Andy Carroll has finally completed his protracted move to West Ham today, after spending a full season in east London on loan from Liverpool. The transfer has been on the cards for a few weeks now with Carroll reportedly stalling on the deal out of hope for a move back to his boyhood club, Newcastle United. However, the move is now complete and the striker can look forward to a new chapter in his career.
After his deadline day move from Newcastle to Anfield in 2011 for a British transfer record of £35m, big things were expected of Carroll. After returning from injury, Carroll was able to score two goals against Manchester City but wasn’t able to achieve much more in front of goal for the remainder of the season.
Carroll was given the number nine jersey at Newcastle for their first season back in the Premier League in 2010, and this appeared to be a wise decision after the striker scored eleven goals before being injured during the Christmas period. It was this form that lead Kenny Dalglish to buy Carroll for the Reds, but he was never able to repeat that level of goal scoring.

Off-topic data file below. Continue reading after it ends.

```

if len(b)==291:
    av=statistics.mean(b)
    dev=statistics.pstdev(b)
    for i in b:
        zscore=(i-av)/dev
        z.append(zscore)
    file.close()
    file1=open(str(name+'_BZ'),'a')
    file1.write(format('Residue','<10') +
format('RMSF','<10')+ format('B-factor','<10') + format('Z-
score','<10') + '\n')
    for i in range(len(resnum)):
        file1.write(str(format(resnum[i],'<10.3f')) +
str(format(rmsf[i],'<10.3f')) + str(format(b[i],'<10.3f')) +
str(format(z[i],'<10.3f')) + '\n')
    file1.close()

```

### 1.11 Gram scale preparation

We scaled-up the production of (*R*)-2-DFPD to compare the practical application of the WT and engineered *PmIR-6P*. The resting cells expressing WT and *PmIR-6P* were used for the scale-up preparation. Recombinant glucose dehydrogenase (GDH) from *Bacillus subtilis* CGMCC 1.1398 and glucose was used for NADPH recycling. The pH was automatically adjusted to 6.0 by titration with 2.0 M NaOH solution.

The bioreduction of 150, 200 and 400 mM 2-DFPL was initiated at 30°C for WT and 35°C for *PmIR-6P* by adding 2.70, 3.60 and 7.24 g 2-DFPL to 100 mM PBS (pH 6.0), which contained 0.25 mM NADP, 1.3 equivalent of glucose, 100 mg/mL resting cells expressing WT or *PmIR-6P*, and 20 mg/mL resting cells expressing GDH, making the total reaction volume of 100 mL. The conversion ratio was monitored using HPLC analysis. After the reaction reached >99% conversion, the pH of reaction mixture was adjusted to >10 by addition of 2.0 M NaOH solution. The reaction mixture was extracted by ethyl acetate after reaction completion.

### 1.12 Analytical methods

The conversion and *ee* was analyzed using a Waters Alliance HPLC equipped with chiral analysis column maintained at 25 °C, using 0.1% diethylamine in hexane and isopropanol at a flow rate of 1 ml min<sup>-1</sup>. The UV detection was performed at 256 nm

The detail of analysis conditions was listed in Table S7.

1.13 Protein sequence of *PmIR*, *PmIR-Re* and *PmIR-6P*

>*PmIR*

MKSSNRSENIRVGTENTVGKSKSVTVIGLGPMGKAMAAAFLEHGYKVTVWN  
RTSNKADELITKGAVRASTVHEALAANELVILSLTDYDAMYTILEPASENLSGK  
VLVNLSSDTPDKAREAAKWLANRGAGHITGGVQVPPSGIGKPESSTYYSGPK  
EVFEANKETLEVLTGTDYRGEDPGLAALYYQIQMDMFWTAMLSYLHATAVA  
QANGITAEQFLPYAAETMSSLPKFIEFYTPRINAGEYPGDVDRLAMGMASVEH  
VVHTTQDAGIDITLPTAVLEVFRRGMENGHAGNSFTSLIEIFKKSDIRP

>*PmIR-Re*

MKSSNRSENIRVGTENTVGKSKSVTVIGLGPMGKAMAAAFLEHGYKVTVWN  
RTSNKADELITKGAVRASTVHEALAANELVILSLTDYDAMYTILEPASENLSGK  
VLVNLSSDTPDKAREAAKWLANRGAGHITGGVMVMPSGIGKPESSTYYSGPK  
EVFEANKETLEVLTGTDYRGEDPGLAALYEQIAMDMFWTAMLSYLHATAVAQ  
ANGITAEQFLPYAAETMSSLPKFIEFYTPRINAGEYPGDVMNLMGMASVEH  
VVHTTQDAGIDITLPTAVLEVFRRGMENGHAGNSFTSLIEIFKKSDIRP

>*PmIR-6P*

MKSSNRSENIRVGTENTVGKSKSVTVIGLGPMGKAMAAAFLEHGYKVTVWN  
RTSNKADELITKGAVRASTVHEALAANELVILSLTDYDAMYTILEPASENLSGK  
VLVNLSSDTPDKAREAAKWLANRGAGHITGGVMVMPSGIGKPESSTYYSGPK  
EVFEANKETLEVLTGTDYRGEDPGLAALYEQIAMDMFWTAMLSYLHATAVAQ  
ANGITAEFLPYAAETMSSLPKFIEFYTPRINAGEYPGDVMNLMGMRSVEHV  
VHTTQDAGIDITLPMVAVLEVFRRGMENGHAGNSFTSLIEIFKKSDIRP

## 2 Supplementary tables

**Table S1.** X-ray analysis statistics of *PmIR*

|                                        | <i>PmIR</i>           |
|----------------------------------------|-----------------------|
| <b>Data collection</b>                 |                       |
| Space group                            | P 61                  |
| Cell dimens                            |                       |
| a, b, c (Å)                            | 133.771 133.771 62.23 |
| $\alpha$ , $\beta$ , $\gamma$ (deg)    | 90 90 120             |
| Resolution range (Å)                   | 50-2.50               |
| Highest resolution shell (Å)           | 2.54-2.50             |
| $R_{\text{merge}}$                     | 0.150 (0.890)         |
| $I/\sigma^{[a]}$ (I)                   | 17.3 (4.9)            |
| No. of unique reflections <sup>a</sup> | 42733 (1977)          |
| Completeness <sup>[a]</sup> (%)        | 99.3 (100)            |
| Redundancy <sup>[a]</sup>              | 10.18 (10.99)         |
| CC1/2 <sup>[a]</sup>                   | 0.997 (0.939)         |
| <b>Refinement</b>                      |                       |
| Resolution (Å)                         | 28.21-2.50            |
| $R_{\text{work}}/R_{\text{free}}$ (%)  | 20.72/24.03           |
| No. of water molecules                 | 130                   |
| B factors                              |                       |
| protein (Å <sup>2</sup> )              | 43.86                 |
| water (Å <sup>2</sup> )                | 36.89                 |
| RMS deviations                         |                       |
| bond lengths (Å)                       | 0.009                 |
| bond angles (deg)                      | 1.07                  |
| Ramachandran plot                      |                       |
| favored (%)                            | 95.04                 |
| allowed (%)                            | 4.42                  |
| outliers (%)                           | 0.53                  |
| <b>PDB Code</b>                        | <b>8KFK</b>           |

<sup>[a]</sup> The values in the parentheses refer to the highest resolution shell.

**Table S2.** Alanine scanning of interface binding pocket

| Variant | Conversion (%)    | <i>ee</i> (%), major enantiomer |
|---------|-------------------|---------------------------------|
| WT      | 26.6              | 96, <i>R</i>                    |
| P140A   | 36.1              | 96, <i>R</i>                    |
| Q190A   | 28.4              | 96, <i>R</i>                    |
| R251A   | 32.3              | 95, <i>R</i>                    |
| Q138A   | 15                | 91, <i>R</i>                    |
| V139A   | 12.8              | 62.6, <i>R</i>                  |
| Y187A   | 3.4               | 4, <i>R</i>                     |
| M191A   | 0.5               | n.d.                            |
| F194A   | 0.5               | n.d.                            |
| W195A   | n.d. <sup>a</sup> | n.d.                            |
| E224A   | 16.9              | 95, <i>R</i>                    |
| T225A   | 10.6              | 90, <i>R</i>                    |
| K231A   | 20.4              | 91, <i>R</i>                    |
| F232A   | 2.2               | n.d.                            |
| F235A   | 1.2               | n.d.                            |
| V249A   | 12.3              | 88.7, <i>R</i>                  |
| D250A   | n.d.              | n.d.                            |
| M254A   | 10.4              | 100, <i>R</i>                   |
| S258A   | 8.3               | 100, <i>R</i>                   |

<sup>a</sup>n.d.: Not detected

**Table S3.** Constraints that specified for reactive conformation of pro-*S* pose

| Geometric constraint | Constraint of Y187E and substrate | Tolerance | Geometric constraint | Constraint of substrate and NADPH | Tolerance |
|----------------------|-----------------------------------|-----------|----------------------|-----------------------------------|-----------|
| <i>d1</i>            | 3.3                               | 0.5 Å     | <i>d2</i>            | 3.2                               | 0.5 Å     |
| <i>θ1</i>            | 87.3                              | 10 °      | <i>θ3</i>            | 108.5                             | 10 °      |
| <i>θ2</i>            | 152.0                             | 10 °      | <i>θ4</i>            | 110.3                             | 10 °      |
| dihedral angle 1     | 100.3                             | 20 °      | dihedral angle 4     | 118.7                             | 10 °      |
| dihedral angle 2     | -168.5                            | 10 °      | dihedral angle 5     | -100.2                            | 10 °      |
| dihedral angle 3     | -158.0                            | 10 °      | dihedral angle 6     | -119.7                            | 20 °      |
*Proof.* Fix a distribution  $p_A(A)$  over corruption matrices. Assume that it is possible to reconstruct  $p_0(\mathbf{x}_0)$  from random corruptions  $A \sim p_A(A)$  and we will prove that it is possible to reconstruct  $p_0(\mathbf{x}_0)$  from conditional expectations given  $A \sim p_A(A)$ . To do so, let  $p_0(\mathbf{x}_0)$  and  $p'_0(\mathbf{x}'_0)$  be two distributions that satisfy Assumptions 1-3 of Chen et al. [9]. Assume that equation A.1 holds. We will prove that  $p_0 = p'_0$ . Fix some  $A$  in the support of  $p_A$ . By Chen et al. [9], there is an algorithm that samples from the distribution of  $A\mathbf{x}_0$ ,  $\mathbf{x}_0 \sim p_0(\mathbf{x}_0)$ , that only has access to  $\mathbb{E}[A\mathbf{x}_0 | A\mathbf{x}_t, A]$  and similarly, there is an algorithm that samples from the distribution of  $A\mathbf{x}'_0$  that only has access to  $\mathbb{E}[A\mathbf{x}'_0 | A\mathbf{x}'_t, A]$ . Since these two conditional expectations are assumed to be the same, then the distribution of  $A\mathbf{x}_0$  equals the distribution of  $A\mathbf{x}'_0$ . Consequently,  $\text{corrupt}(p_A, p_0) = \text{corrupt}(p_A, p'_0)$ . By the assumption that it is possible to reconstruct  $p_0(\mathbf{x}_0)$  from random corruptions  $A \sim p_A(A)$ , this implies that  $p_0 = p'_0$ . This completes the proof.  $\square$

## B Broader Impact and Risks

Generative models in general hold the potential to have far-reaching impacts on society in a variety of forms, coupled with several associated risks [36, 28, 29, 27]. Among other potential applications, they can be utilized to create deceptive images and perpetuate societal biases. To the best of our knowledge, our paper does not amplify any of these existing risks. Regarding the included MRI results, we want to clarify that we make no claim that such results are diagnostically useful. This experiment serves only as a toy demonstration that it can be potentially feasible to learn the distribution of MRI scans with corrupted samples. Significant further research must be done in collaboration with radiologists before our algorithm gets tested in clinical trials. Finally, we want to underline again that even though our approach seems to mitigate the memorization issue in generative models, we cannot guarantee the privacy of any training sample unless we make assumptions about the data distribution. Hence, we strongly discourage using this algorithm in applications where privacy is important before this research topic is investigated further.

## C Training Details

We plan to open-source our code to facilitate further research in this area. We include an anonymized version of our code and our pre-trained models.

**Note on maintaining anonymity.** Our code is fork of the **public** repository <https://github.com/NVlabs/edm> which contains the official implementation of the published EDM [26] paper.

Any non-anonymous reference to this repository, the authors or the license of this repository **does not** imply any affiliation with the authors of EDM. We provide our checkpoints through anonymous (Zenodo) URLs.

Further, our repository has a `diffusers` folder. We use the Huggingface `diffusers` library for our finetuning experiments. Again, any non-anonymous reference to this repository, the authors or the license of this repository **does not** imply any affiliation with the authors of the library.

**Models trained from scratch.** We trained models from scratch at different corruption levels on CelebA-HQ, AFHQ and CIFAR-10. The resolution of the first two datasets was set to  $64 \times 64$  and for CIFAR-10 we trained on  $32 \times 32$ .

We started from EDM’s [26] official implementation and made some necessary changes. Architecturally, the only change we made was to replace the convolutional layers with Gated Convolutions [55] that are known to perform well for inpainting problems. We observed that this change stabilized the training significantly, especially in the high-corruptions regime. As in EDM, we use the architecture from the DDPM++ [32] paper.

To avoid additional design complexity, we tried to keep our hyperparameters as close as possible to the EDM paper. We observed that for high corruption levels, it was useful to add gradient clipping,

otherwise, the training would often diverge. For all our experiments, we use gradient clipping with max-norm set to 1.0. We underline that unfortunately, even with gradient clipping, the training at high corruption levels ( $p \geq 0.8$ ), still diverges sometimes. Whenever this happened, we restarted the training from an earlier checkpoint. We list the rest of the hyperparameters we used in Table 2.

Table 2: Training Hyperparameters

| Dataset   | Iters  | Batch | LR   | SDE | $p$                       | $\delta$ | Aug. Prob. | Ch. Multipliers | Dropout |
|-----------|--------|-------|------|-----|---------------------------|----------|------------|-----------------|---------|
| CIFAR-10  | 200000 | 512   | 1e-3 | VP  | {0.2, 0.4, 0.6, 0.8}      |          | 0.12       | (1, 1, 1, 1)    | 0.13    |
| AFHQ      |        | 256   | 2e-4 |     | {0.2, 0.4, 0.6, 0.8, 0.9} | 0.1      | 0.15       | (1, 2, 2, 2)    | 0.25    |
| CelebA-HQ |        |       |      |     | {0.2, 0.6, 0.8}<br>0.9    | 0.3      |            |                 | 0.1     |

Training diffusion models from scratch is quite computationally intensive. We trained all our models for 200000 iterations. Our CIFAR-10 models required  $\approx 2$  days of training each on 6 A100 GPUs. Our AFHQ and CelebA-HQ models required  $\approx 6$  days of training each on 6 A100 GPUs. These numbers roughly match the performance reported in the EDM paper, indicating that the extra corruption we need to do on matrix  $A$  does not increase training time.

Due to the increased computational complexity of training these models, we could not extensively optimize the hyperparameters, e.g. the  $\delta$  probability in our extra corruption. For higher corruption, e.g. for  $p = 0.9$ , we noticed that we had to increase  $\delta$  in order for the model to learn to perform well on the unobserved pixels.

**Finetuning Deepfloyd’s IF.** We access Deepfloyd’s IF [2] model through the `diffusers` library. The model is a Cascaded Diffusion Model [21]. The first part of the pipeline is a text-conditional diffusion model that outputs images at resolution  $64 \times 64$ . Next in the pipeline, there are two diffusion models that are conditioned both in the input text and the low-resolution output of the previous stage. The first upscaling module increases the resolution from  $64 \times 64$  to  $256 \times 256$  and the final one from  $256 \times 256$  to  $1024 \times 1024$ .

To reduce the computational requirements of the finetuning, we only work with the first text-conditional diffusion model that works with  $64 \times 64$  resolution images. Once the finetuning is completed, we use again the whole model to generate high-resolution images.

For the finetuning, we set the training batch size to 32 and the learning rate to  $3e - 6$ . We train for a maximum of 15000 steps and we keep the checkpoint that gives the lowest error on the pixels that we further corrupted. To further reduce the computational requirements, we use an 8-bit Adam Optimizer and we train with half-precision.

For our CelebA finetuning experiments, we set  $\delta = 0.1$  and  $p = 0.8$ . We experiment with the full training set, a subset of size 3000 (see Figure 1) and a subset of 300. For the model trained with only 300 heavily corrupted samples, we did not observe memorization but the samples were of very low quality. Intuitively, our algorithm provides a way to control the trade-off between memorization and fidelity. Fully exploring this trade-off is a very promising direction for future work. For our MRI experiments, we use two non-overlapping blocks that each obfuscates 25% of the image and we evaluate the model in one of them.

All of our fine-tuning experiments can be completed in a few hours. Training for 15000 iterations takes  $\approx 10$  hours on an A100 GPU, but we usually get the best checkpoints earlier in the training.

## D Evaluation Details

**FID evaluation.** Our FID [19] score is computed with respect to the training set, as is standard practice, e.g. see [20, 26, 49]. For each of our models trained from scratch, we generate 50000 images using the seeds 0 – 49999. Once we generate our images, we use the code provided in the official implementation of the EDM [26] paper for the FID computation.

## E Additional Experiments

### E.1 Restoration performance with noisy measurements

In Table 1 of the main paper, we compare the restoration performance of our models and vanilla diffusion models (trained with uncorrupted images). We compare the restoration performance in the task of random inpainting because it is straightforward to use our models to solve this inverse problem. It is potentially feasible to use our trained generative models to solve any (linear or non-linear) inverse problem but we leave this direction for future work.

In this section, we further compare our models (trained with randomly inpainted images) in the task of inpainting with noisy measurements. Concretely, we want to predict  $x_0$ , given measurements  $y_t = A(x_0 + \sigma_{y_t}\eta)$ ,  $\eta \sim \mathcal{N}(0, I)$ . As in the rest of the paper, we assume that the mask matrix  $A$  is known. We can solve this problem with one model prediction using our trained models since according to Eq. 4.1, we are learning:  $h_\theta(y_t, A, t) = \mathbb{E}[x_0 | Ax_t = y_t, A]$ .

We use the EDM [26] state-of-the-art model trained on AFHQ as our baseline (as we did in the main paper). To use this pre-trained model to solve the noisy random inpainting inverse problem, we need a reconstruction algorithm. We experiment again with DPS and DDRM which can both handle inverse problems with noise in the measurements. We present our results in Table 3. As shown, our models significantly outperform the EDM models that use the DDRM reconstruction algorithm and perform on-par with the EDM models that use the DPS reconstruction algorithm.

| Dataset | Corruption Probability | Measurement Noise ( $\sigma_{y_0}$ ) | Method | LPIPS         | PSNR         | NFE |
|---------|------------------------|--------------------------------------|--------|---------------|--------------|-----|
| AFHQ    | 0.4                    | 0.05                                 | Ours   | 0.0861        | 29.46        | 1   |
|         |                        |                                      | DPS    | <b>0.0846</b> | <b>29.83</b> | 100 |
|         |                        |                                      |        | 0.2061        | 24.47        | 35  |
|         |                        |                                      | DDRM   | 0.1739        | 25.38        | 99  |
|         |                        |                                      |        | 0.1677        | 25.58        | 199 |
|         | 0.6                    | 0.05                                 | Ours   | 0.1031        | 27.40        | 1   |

In his only full season at Liverpool in 2011-12, Carroll was only able to score four goals in the league and spent much of the season making substitute appearances. However, Liverpool fans will remember Carroll fondly for the two goals he scored against local rivals Everton. In the league fixture against the Toffees at Goodison, Carroll scored the second goal in a 2-0 win and then in the FA Cup semi-final against them at Wembley, Carroll scored a last minute winner that will live long in the memory of Reds everywhere.
Despite playing his part in winning the Carling Cup and getting the Reds to the FA Cup final, it wasn’t enough to prevent new manager Brendan Rodgers from sending Carroll on loan to West Ham at the beginning of last season.
It was felt that Sam Allardyce was much more open to playing his team around Carroll and his strengths. Also, the prospect of a reunion with his friend Kevin Nolan gave reason to believe that Carroll may have been able to return to his former ways and perform in the same way that he did at Newcastle.
During the course of last season, Carroll performed better in the lone striker role to an extent but was only able to score seven goals in the league. He also had fewer shots on goal than he did in his season at Liverpool although he did have a better shooting accuracy and a superior chance conversion rate.
On a personal level, Carroll certainly looked like he enjoyed his time in London more and this may have been a contributing factor in his slightly better performances. However, his season wasn’t much better than the previous one at Liverpool and this likely vindicated Liverpool’s decision to let him go.
Now that he’s free of the pressure of his price tag and trying to impress a management that didn’t necessarily want him around anymore, we may see a rejuvenated Andy Carroll, but don’t count on it.
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